Electricity infrastructure vulnerabilities due to long-term growth and extreme heat from climate change in Los Angeles County
Daniel Burillo, Mikhail V Chester, Stephanie Pincetl, Eric Fournier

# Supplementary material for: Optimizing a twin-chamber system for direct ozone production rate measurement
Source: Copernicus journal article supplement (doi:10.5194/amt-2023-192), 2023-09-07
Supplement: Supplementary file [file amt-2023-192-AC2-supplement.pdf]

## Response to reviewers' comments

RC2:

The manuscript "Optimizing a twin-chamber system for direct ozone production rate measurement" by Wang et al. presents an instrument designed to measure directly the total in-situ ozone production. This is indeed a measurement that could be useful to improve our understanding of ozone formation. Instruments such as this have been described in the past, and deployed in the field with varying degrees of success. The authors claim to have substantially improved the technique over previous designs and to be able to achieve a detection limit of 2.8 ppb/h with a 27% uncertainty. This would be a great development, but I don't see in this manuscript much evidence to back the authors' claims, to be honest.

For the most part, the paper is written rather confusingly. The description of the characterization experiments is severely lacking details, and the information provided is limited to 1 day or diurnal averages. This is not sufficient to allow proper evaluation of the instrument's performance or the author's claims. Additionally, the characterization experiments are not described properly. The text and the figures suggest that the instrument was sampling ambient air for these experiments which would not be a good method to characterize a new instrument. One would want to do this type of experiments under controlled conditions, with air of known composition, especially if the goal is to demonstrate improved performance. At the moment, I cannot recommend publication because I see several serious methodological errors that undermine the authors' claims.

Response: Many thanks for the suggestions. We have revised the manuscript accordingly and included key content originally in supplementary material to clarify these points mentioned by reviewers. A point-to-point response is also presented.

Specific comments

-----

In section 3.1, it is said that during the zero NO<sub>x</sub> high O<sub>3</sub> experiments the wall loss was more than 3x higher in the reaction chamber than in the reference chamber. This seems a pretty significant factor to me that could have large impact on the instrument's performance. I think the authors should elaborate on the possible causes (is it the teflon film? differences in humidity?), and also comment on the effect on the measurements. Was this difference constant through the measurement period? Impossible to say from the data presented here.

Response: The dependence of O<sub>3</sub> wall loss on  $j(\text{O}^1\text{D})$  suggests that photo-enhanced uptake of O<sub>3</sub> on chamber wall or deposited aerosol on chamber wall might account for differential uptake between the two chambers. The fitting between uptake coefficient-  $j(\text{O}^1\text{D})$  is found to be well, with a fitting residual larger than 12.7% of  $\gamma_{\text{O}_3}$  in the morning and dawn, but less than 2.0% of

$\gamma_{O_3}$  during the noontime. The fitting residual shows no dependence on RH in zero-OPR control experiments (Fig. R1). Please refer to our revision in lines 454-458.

Many studies have estimated the effects of rising air temperatures due to climate change on electricity infrastructure systems, but none have quantified impacts in terms of potential outages down to the neighborhood scale. Using high-resolution climate projections, infrastructure maps, and forecasts of peak electricity demand for Los Angeles County (LAC), we estimated vulnerabilities in the electricity infrastructure to 2060. We considered rising air temperatures under IPCC RCP 4.5 and RCP 8.5 at 2 km2 grid cell resolution, two local government population growth scenarios, different efficiency implementations of new residential and commercial buildings, air conditioners (AC), and higher AC penetration. Results were that generators, substations, and transmission lines could lose up to 20% of safe operating capacities (MW). Moreover, based on recent historical load factors for substations in the Southern California Edison service territory, 848–6,724 MW (4–32%) of additional capacity, distributed energy resources, and/or peak load shifting could be needed by 2060 to avoid hardware overloading and outages. If peak load is not mitigated, and/or additional infrastructure capacity not added, then all scenarios result in > 100% substation overloading in Santa Clarita, which would trigger automatic outages, and > 20% substation overloading in at least Lancaster, Palmdale, and Pomona in which protection gear could trip outages within 30 min. Several climate change adaptation options are discussed for electricity infrastructure and building stock with consideration for trade-offs in system stability and other energy and environmental goals.